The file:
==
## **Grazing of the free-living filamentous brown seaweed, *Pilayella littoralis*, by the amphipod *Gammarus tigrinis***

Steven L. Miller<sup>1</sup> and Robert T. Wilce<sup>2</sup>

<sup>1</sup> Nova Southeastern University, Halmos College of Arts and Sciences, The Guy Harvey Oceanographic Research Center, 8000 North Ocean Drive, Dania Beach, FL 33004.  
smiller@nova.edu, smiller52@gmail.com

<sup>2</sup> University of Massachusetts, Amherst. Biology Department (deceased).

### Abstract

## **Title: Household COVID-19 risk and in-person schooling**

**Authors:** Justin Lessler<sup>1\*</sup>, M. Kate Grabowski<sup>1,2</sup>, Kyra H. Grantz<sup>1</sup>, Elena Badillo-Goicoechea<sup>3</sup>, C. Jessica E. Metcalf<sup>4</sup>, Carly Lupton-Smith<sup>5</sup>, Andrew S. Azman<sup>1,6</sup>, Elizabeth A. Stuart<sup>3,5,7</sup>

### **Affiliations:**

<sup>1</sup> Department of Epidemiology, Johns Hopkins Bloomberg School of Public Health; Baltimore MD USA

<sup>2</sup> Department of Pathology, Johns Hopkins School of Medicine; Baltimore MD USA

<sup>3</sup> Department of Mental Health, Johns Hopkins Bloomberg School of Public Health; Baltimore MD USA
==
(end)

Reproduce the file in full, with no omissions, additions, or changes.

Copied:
## **Grazing of the free-living filamentous brown seaweed, *Pilayella littoralis*, by the amphipod *Gammarus tigrinis***

Steven L. Miller<sup>1</sup> and Robert T. Wilce<sup>2</sup>

<sup>1</sup> Nova Southeastern University, Halmos College of Arts and Sciences, The Guy Harvey Oceanographic Research Center, 8000 North Ocean Drive, Dania Beach, FL 33004.  
smiller@nova.edu, smiller52@gmail.com

<sup>2</sup> University of Massachusetts, Amherst. Biology Department (deceased).

### Abstract

## **Title: Household COVID-19 risk and in-person schooling**

**Authors:** Justin Lessler<sup>1\*</sup>, M. Kate Grabowski<sup>1,2</sup>, Kyra H. Grantz<sup>1</sup>, Elena Badillo-Goicoechea<sup>3</sup>, C. Jessica E. Metcalf<sup>4</sup>, Carly Lupton-Smith<sup>5</sup>, Andrew S. Azman<sup>1,6</sup>, Elizabeth A. Stuart<sup>3,5,7</sup>

### **Affiliations:**

<sup>1</sup> Department of Epidemiology, Johns Hopkins Bloomberg School of Public Health; Baltimore MD USA

<sup>2</sup> Department of Pathology, Johns Hopkins School of Medicine; Baltimore MD USA

<sup>3</sup> Department of Mental Health, Johns Hopkins Bloomberg School of Public Health; Baltimore MD USA